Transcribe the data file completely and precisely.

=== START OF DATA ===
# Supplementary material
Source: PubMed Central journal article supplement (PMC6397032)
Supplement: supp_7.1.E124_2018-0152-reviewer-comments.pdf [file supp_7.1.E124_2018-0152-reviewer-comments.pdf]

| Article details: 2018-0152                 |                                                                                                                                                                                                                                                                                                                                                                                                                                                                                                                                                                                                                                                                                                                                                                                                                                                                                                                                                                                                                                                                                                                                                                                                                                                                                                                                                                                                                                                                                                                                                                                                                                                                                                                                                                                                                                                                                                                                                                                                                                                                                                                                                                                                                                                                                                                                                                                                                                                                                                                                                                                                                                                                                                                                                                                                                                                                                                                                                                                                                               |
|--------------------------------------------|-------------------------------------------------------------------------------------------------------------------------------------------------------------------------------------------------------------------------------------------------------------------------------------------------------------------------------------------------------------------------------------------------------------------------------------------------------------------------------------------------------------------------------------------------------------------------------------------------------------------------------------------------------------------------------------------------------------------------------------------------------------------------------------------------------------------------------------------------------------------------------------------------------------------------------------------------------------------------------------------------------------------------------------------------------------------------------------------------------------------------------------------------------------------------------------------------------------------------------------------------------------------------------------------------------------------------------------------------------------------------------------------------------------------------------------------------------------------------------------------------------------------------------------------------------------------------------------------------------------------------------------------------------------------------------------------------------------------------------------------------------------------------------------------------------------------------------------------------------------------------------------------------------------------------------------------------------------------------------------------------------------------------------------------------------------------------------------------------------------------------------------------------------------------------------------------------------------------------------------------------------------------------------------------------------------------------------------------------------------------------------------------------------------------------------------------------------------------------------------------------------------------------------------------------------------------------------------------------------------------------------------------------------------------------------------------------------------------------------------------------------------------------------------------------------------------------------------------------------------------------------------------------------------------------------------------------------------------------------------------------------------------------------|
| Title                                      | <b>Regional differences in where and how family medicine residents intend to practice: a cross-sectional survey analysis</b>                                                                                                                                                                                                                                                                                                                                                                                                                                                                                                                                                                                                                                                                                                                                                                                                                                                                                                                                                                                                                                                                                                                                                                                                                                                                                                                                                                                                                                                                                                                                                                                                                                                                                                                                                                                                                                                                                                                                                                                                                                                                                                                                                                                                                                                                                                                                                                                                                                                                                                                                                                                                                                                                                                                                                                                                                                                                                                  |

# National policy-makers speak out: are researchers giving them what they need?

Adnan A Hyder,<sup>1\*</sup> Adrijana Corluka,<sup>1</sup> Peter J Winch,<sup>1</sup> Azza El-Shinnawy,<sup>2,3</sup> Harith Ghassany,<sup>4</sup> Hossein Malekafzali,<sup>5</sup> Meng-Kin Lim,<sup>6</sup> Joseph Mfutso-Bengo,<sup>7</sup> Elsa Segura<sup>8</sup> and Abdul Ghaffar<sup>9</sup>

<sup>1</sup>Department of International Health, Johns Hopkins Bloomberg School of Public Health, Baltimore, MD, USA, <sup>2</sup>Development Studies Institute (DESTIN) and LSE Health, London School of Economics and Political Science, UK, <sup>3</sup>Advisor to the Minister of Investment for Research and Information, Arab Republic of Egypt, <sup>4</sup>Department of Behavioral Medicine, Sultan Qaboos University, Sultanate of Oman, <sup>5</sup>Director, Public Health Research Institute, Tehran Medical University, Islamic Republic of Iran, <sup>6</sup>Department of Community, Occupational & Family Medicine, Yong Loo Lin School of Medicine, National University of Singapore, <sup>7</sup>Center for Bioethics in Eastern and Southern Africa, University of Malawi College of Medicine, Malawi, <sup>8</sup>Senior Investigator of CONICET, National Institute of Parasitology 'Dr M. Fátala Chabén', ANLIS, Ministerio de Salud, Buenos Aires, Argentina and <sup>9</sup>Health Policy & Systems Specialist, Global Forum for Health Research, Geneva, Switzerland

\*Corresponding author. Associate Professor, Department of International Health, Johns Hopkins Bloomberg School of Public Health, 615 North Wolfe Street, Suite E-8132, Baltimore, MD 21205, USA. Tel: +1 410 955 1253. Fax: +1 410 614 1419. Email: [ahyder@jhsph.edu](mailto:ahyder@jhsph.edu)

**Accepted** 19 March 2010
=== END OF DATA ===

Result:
# Supplementary material
Source: PubMed Central journal article supplement (PMC6397032)
Supplement: supp_7.1.E124_2018-0152-reviewer-comments.pdf [file supp_7.1.E124_2018-0152-reviewer-comments.pdf]

| Article details: 2018-0152                 |                                                                                                                                                                                                                                                                                                                                                                                                                                                                                                                                                                                                                                                                                                                                                                                                                                                                                                                                                                                                                                                                                                                                                                                                                                                                                                                                                                                                                                                                                                                                                                                                                                                                                                                                                                                                                                                                                                                                                                                                                                                                                                                                                                                                                                                                                                                                                                                                                                                                                                                                                                                                                                                                                                                                                                                                                                                                                                                                                                                                                               |
|--------------------------------------------|-------------------------------------------------------------------------------------------------------------------------------------------------------------------------------------------------------------------------------------------------------------------------------------------------------------------------------------------------------------------------------------------------------------------------------------------------------------------------------------------------------------------------------------------------------------------------------------------------------------------------------------------------------------------------------------------------------------------------------------------------------------------------------------------------------------------------------------------------------------------------------------------------------------------------------------------------------------------------------------------------------------------------------------------------------------------------------------------------------------------------------------------------------------------------------------------------------------------------------------------------------------------------------------------------------------------------------------------------------------------------------------------------------------------------------------------------------------------------------------------------------------------------------------------------------------------------------------------------------------------------------------------------------------------------------------------------------------------------------------------------------------------------------------------------------------------------------------------------------------------------------------------------------------------------------------------------------------------------------------------------------------------------------------------------------------------------------------------------------------------------------------------------------------------------------------------------------------------------------------------------------------------------------------------------------------------------------------------------------------------------------------------------------------------------------------------------------------------------------------------------------------------------------------------------------------------------------------------------------------------------------------------------------------------------------------------------------------------------------------------------------------------------------------------------------------------------------------------------------------------------------------------------------------------------------------------------------------------------------------------------------------------------------|
| Title                                      | <b>Regional differences in where and how family medicine residents intend to practice: a cross-sectional survey analysis</b>                                                                                                                                                                                                                                                                                                                                                                                                                                                                                                                                                                                                                                                                                                                                                                                                                                                                                                                                                                                                                                                                                                                                                                                                                                                                                                                                                                                                                                                                                                                                                                                                                                                                                                                                                                                                                                                                                                                                                                                                                                                                                                                                                                                                                                                                                                                                                                                                                                                                                                                                                                                                                                                                                                                                                                                                                                                                                                  |

# National policy-makers speak out: are researchers giving them what they need?

Adnan A Hyder,<sup>1\*</sup> Adrijana Corluka,<sup>1</sup> Peter J Winch,<sup>1</sup> Azza El-Shinnawy,<sup>2,3</sup> Harith Ghassany,<sup>4</sup> Hossein Malekafzali,<sup>5</sup> Meng-Kin Lim,<sup>6</sup> Joseph Mfutso-Bengo,<sup>7</sup> Elsa Segura<sup>8</sup> and Abdul Ghaffar<sup>9</sup>

<sup>1</sup>Department of International Health, Johns Hopkins Bloomberg School of Public Health, Baltimore, MD, USA, <sup>2</sup>Development Studies Institute (DESTIN) and LSE Health, London School of Economics and Political Science, UK, <sup>3</sup>Advisor to the Minister of Investment for Research and Information, Arab Republic of Egypt, <sup>4</sup>Department of Behavioral Medicine, Sultan Qaboos University, Sultanate of Oman, <sup>5</sup>Director, Public Health Research Institute, Tehran Medical University, Islamic Republic of Iran, <sup>6</sup>Department of Community, Occupational & Family Medicine, Yong Loo Lin School of Medicine, National University of Singapore, <sup>7</sup>Center for Bioethics in Eastern and Southern Africa, University of Malawi College of Medicine, Malawi, <sup>8</sup>Senior Investigator of CONICET, National Institute of Parasitology 'Dr M. Fátala Chabén', ANLIS, Ministerio de Salud, Buenos Aires, Argentina and <sup>9</sup>Health Policy & Systems Specialist, Global Forum for Health Research, Geneva, Switzerland

\*Corresponding author. Associate Professor, Department of International Health, Johns Hopkins Bloomberg School of Public Health, 615 North Wolfe Street, Suite E-8132, Baltimore, MD 21205, USA. Tel: +1 410 955 1253. Fax: +1 410 614 1419. Email: [ahyder@jhsph.edu](mailto:ahyder@jhsph.edu)

**Accepted** 19 March 2010